Can Property Settlement Impact Your Child Support?

There are enough problems to deal with when a relationship breaks down. Unfortunately, the legal situation won't disappear. The quicker you address it, the better off you will be moving forward. As soon as you separate, you should address the property pool and start the discussion about child support. 

What Is a Property Settlement? 

What is a property settlement? It's the arrangement two parties make to divide their assets, including property, after separation. Property is any asset that is owned by both (or either) parties, including real estate, vehicles, artwork, business interests, superannuation, and shares. It is not limited to real estate acquired after the marriage. Earlier properties can be included, depending on the unique situation. Likewise, debts and liabilities are evenly split regardless of whose name is on it. 

Whether you are legally married or, in a de facto relationship, your financial ties must be legally severed and finalised. There is more than one way to deal with the Property Settlement Process, and that's because there is more than one way to break up. In the case of an amicable split, it's easier to reach a divorce property settlement because both parties wish to move on. It's the acrimonious splits that get more complicated, especially when there are children involved. 

How Is Property Settlement Tied To Separation? 

There is a property settlement time limit. So, following the date of your separation, de facto couples have two years to resolve a property settlement. For married couples, they have up to one year following the divorce to do so. This is a one-off process. 

What Is Child Support? 

Child support is a payment that one parent pays to another to provide financial support. A child should be able to enjoy the same standard of life at both parents' homes, and this support should help provide that balance. Generally, these payments last until the child (or children) turn 18. There are situations where it can run longer or stop earlier. It may be stopped early if the child marries or moves in with a partner, becomes self-sufficient, is adopted by a step-parent, or passes away. It can be extended if the child reaches 18, but they cannot adequately support themselves. A parent (or parents) can agree to continue financial support for this reason, whether it's due to a disability or their education is continuing. 

There are many options available to parents in terms of child support. When parents are co-parenting well together, they often choose self-management as the means of moving forward. If one parent receives family tax benefits, then child support assessment is a good option. There are also child support agreements and court-ordered child support. No matter what position you are in now, it's always wise to get your agreement in writing so that you have recourse if the other party isn't fulfilling their end of the bargain.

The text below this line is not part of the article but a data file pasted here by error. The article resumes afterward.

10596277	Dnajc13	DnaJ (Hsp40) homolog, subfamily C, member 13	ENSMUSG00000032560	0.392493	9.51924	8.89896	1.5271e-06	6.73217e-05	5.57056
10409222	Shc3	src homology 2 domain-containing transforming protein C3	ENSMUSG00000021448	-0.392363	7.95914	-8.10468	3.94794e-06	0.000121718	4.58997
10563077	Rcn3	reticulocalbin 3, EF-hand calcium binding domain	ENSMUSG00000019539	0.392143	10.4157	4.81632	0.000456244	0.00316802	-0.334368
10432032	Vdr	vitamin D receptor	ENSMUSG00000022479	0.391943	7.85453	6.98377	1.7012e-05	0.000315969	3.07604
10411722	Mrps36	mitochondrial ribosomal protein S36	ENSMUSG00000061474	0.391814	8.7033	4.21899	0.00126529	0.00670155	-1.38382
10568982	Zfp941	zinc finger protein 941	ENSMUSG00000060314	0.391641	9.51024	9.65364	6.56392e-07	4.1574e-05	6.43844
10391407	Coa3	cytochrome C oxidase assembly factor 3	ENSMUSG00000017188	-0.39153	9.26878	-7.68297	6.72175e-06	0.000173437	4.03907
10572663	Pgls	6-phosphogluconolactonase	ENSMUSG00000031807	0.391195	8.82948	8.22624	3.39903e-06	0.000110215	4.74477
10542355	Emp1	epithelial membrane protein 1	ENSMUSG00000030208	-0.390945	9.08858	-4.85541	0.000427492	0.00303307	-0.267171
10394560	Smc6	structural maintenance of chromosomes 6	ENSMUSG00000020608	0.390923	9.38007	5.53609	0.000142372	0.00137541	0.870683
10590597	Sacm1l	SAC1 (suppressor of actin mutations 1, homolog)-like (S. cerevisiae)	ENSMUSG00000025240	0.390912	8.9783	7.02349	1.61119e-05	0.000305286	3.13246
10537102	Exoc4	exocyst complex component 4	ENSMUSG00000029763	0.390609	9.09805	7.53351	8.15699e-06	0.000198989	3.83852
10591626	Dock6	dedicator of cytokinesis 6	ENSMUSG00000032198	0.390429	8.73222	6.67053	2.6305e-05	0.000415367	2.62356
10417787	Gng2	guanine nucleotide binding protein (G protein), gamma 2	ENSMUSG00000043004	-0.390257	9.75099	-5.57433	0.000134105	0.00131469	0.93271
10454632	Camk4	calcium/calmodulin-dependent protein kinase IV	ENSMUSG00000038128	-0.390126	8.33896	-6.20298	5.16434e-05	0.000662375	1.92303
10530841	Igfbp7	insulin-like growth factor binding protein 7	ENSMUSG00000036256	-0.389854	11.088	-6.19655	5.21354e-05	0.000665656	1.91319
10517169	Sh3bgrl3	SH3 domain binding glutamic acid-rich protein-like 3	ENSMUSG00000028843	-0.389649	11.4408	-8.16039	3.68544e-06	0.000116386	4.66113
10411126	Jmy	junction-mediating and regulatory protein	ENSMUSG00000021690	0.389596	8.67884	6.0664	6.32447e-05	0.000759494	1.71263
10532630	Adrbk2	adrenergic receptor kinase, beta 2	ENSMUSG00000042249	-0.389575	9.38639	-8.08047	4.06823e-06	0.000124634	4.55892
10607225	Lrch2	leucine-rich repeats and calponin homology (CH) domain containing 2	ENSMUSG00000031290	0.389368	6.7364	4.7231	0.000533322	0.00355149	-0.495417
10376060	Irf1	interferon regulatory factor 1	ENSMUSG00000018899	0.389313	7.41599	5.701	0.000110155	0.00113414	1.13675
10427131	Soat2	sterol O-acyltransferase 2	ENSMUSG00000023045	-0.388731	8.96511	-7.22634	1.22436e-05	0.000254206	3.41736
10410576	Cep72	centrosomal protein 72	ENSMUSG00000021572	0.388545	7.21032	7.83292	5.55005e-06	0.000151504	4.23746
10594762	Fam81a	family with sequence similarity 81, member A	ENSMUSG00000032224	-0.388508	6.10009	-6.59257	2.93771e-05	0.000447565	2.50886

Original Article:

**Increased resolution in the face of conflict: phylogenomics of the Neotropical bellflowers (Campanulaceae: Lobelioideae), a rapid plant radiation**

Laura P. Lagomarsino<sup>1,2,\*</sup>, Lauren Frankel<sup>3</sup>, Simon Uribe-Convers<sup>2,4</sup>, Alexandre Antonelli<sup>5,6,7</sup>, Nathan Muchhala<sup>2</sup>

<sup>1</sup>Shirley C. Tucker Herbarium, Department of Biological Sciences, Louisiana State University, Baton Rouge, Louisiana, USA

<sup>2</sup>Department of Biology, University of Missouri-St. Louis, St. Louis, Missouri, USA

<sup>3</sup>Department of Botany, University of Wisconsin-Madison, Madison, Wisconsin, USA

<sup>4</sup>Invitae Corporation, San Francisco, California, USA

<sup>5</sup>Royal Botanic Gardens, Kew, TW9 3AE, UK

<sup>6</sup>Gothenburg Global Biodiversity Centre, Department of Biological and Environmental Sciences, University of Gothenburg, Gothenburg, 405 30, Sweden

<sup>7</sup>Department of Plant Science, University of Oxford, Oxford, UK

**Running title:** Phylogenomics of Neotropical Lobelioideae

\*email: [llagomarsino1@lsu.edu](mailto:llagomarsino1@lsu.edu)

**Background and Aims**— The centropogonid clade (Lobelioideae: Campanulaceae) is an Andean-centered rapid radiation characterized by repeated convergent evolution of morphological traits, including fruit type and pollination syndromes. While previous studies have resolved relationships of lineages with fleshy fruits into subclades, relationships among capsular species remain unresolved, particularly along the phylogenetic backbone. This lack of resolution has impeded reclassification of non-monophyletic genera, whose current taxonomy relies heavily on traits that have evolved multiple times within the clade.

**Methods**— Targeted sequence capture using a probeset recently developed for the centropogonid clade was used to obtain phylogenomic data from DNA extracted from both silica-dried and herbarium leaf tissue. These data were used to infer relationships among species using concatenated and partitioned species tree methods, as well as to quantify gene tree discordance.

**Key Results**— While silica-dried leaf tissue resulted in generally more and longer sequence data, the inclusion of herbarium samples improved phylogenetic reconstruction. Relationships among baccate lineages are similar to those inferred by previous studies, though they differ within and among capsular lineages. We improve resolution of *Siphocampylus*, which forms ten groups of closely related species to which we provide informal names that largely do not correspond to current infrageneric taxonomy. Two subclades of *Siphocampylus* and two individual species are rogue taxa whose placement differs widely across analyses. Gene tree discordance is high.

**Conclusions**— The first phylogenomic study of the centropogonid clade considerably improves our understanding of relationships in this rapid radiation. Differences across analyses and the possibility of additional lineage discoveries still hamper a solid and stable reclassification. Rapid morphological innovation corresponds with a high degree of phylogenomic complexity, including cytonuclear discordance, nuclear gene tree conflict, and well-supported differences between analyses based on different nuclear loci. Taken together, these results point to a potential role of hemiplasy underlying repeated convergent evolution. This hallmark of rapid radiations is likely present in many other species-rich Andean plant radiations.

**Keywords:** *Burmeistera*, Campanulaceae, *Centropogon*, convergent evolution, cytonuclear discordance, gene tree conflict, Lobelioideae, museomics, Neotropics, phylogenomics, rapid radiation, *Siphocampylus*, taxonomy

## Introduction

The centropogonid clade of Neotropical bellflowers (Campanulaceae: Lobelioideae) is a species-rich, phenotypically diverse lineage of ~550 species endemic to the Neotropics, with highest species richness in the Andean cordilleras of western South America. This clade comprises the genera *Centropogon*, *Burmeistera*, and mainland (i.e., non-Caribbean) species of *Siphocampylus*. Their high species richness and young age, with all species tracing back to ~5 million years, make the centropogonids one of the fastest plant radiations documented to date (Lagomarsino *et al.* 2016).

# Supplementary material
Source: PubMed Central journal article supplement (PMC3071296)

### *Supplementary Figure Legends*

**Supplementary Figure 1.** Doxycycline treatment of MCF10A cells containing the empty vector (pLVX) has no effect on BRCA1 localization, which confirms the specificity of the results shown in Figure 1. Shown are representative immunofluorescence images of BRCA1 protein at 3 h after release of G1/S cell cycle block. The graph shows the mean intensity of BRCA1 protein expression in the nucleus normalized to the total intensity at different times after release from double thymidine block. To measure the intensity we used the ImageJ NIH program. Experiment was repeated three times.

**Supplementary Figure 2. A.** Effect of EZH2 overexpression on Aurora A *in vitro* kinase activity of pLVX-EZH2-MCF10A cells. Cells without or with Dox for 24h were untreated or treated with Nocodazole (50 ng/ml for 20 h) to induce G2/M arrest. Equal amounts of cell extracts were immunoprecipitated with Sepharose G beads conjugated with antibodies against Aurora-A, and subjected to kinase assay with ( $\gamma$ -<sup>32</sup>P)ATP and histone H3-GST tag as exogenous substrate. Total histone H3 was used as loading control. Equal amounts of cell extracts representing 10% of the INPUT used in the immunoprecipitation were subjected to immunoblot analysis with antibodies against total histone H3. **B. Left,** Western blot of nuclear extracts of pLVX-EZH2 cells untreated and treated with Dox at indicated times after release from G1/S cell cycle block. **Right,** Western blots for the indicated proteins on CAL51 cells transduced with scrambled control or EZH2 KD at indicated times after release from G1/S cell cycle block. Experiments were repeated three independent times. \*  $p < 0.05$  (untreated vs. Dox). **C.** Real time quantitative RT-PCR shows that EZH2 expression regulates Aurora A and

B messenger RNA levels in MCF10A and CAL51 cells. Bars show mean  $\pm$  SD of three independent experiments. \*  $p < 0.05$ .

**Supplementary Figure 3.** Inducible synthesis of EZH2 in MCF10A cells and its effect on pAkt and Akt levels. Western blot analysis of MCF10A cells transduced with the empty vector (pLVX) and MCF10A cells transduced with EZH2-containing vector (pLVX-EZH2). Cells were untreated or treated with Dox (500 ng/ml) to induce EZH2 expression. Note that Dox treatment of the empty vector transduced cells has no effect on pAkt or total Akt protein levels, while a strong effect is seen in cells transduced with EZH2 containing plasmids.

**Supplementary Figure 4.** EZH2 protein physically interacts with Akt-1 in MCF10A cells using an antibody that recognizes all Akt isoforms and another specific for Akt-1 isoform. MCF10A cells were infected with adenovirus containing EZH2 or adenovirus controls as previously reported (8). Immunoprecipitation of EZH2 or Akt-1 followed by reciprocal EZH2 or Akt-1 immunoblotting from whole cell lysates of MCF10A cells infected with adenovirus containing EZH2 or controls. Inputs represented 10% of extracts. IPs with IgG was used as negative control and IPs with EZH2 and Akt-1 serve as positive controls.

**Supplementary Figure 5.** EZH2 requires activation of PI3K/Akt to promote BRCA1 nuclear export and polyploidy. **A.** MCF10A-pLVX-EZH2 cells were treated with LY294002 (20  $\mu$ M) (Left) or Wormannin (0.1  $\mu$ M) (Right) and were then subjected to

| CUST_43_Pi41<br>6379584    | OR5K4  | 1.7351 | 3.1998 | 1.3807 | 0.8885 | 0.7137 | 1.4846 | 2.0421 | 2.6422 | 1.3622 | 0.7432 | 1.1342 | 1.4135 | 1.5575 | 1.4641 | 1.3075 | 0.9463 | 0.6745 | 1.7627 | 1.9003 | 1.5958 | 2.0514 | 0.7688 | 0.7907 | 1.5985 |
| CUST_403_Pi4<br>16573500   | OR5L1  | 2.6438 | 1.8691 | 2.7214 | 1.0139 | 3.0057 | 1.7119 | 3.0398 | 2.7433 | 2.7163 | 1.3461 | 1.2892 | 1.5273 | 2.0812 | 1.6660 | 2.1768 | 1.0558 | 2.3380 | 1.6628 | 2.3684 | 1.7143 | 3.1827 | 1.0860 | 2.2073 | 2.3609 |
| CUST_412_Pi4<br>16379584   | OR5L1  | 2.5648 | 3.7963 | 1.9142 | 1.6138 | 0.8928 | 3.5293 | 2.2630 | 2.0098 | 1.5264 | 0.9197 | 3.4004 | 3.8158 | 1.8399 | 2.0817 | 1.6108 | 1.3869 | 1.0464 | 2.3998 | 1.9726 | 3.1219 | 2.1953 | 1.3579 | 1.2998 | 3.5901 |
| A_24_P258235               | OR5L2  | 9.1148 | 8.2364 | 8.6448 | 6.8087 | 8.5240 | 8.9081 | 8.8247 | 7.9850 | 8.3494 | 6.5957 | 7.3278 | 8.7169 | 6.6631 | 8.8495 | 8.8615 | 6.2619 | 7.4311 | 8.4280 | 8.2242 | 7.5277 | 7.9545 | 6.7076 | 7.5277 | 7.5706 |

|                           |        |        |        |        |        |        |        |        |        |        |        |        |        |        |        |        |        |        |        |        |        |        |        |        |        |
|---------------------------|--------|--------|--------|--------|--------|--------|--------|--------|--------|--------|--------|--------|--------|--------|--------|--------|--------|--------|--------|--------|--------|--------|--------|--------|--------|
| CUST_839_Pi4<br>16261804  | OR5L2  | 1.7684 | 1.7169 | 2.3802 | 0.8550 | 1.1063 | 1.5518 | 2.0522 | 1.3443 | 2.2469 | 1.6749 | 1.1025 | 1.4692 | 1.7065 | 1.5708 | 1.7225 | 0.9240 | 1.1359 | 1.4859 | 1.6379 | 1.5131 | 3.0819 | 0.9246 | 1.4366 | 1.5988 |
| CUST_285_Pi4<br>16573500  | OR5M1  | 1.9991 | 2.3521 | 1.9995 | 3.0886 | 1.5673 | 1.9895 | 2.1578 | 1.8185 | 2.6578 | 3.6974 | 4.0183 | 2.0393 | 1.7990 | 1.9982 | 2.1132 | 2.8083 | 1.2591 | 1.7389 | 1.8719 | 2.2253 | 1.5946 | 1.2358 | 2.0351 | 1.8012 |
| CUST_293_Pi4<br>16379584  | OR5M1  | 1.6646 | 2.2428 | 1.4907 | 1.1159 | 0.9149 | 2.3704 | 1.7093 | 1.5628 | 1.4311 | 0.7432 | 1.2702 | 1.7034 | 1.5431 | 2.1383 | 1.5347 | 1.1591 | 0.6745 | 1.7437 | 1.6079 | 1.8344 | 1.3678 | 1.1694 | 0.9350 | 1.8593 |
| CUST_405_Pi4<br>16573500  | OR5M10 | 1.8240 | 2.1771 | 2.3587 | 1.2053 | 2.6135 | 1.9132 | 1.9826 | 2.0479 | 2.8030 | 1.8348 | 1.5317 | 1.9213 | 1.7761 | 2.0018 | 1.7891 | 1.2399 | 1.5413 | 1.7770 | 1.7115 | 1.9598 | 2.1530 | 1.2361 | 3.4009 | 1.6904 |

Child support is determined in one of two ways – by the Department of Human Services assessment or the self-management process with the parents. Self-management allows for parents to arrange payments without assistance. 

Self-management allows you to decide how much child support is appropriate with your co-parent. You can determine how much, how often, and the method of transfer. The Department of Human Services is not involved in this process at all. If this doesn't work out, you can apply for an assessment from DHS. Of course, some parents may be concerned that their co-parent hasn't fully disclosed their income. In which case, an assessment would be the right step. 

In the event of an official assessment, the payee should alert DHS on how they want to receive their payment. If you opt for Child Support Collection, you have protection if your co-parent fails to make their payments. Services Australia will help you recover those missed payments. If you opt for private collections, you will have a more difficult time doing so. 

Which parent should pay the support? This will come down to several factors. The age and number of children you share, the income of both parties, and how often each parent has the children. Typically, the parent who has the children the majority of the time is the parent who receives the support. So, if a parent left their career to raise the children and provides 80-90% of the care, they will receive the child support. Not all cases are as straightforward as this, which is why a lawyer can help you navigate the system.

Can Entering Into A Property Settlement Impact Your Child Support? 

Yes, while child support and property settlement are two very separate legal functions, the latter can influence the former. This is why having a strong law firm on your side is important because this is a key aspect of negotiations. For example, if you and your former partner are equal partners in a company, you can agree for one to receive a payment in the property settlement. Sometimes, this payment will come directly from the company itself. This leads to tax implications, and receiving a dividend from the company can have an impact on child support. For the payer of child support, it could increase the support payments. For the payee, it might increase your income, and if you receive government benefits, it could cause overpayments that require repayment. 

When Should You Seek Legal Help? 

If you are separated or approaching a divorce, reach out to AJB Stevens to discuss your family law property settlement with the professionals. The earlier you begin the legal side of things, the quicker you can resolve the matter and start planning your future. The right lawyer will ensure you get a fair property settlement after separation to protect your future. Whether it was an amicable breakup or a difficult one, you need to take steps to ensure your future is safe. AJB Stevens will fight your battles.

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